2020 Grammys

Billie Eilish, Coldplay & More Highlights from iHeartRadio's 2020 ALTer EGO

Emma McIntyre/Getty Images for iHeartMedia
Billie Eilish performs onstage at the 2020 iHeartRadio ALTer EGO at The Forum on Jan. 18, 2020 in Inglewood, Calif.

In just three years, iHeartRadio's ALTer EGO has become maybe the biggest alternative showcase in the country. Under the guidance of iHeart Alternative Rock Brand Manager Lisa Worden, the show has sold out annually and continues to deliver festival-worthy lineups. This year's show, held Saturday (Jan. 18) at the Forum near Los Angeles, might have been the strongest lineup yet.

Indeed, it's hard to say that following last year's bill featuring Twenty One Pilots, The Killers, Muse and Weezer. But Saturday night's show is in high probability the last time concert-goers will ever see Billie Eilish open a show. And when are fans going to see stadium headliners Coldplay just in the middle of the bill? Probably never. But The Black Keys are a pretty strong closer in their own right.

This year's show -- which also featured Blink-182 (arena headliners of their own), The Lumineers, SHAED and Rex Orange County -- was already sold out before Coldplay was added to the bill, prompting Chris Martin to quip during the band's masterful set, "And for the first time in our checkered history, we're playing a show where no one has bought a ticket to see us."

That may have been true, technically, but there is little doubt that Coldplay's eclectic nine-song set was the absolute high point of a spectacular musical night. Reveling in their role as non-headliners, and not having to just deliver hit after hit, Coldplay delved deeply into their new Everyday Life album, opening with "Sunrise."

While they did play a beautiful "Fix You" and a joyful "Viva La Vida," the standout tracks came from the new album, with the gorgeous "Daddy" and a euphoric "Arabesque," with special guests Femi Kuti and his band absolutely igniting the Forum in a revelry of dancing and delight to the horn-laden celebration. Before "Champion of the World," Martin dedicated the song to Rex Orange County, "My son's favorite musician."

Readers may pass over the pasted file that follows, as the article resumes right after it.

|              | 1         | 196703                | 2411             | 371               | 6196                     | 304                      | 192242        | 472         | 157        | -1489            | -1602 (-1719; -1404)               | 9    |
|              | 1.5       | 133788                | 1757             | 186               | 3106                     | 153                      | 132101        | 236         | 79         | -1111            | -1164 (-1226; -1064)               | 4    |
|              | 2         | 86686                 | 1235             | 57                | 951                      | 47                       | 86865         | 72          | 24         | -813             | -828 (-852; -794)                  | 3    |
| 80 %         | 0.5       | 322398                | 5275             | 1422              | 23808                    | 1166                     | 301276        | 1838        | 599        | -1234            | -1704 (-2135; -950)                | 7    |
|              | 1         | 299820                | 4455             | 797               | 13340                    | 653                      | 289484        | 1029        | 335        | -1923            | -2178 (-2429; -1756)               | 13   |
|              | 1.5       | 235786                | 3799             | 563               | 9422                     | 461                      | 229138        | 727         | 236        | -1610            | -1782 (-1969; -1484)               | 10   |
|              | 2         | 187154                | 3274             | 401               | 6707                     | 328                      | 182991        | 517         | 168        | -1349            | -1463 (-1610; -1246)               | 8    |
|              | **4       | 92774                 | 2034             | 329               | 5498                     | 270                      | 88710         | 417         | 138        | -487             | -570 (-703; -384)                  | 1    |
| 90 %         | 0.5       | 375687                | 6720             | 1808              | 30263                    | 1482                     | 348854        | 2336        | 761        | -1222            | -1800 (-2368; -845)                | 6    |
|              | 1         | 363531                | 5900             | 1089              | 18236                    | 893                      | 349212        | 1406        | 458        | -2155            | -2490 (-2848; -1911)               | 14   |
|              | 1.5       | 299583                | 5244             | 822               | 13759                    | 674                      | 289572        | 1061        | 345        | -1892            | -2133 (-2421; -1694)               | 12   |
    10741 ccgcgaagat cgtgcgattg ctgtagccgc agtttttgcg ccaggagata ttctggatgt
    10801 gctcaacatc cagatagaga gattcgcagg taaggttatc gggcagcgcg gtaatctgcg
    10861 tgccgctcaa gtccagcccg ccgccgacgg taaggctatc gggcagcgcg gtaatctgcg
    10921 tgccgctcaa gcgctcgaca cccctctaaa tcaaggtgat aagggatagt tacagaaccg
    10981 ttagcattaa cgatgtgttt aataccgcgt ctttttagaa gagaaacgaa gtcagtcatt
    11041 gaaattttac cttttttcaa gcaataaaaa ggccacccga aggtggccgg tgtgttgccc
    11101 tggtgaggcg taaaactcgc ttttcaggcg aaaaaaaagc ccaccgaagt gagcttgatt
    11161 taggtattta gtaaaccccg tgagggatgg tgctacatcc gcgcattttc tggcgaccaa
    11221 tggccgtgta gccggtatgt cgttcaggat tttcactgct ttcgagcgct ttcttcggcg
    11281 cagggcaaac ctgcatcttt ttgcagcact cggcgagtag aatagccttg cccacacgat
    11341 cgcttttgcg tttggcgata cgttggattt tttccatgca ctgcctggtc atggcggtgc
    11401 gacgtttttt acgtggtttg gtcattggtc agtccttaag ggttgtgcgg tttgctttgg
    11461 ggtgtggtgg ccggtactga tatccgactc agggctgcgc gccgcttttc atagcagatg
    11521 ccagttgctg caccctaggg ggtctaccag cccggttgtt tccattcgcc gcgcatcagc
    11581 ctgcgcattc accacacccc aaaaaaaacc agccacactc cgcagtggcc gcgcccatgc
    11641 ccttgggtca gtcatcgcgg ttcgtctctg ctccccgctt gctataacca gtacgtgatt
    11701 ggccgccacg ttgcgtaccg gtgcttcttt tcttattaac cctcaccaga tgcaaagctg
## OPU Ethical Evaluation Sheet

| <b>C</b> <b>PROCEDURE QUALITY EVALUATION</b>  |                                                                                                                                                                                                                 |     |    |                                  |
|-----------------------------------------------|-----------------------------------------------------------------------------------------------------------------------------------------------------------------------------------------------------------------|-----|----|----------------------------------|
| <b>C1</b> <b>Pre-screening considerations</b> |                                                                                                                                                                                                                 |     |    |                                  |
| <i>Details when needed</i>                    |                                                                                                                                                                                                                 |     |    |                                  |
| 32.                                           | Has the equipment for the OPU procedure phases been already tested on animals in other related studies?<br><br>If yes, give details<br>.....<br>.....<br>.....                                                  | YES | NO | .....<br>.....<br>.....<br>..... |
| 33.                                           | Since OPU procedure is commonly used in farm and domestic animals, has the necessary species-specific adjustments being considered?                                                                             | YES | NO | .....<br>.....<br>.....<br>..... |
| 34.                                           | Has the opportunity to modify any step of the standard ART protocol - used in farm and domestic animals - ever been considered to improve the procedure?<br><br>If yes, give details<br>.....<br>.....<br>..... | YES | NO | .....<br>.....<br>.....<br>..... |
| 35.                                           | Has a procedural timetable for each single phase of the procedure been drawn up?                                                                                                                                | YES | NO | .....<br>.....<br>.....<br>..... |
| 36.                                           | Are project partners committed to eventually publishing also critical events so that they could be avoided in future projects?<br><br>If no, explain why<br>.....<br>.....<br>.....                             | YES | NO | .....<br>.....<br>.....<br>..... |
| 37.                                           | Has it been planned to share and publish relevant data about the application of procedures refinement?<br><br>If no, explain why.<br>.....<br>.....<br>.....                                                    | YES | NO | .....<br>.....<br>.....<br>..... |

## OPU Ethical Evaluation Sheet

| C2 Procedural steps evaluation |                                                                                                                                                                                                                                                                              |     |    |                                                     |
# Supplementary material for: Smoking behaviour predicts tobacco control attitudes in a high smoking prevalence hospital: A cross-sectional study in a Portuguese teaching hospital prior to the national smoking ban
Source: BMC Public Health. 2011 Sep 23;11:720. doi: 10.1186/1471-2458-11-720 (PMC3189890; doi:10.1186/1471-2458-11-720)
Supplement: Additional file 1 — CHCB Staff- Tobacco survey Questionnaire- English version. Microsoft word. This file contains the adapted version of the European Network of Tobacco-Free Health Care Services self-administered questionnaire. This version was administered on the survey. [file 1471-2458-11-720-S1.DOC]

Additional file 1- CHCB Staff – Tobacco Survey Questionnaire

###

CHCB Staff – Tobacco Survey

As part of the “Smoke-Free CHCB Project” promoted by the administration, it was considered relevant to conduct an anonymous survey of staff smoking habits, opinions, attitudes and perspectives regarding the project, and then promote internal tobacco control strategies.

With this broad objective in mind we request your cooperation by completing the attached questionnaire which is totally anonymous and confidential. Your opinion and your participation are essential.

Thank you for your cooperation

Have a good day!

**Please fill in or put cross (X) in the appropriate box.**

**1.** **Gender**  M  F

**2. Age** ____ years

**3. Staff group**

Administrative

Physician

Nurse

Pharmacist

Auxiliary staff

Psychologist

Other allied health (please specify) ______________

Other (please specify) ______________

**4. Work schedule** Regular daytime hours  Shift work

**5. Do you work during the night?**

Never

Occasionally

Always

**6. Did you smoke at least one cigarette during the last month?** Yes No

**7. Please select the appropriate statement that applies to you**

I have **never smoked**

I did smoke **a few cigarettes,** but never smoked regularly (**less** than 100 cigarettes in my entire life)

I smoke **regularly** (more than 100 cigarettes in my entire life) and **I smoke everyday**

Landing Coldplay was a huge coup for Worden and iHeart, as though they are doing a lot of intimate shows and promo events around L.A. this week. This is, as Martin said, "The biggest crowd they will play to during this period," referring to their previously stated decision to not tour until they can find a way to do so without improving their carbon footprint. So the group's Saturday set was a big enough event to even draw members of the Lumineers side stage to check out Coldplay. And they saw a band, without the pressure of headlining or having a tour to promote, letting their freak flag fly in the best ways possible.

Because of their status as one of the biggest touring acts in music and their decision not to tour, Coldplay's appearance was obviously the most impactful of the night, but it was hardly the only event.

Anything Billie Eilish does these days is news -- and with the Grammys a week away, along with news that she will be the youngest artist ever to record a James Bond theme song, that continues to be the case.

So in her ALTer EGO debut, Eilish again proved, as she has consistently, the size or scope of an event does not faze her in the slightest. She and brother/collaborator FINNEAS delivered a frenzy-inducing set highlighted by when she had the crowd jump in "You Should See Me in a Crown" and the beauty of the quiet "When the Party's Over."

She was followed by Blink-182, who seem, at this point in their storied career, as if they are in their sweet spot of just having a blast with everything they do. After "What's My Age Again," Mark Hoppus quipped, "I'd like to think we're the first band to have a song on the radio that says sodomy in it." Hoppus was in fine frontman form, joking before "All The Small Things," "Not to brag, but kind of to brag, you might recognize this next song from the Alvin and the Chipmunks movie."

Matt Skiba got in on the fun, leading the crowd in a chant of the Ramones famous "Hey ho, let's go" as the intro to "First Date." And in the closing "Dammit" they threw in a snippet of TLC's "No Scrubs."

After a superb set by the Lumineers, who delivered exactly what you want from them, with gorgeous sing along versions of songs like "Ho Hey" and "Ophelia" and rollicking upbeat renditions of "Cleopatra" and "Stubborn Love," the Black Keys took the stage just after 11 p.m. to close out the evening.

The Keys came to kick ass and take names from the outset with a ferocious blues-rock "I Got Mine." After that and the subsequent raucous "Gold on the Ceiling," the rest was just gravy as the band rocked through such hits as "Howlin' For You," "Lonely Boy" and the closing "Little Black Submarines," bringing another ALTer EGO to a close just around midnight.


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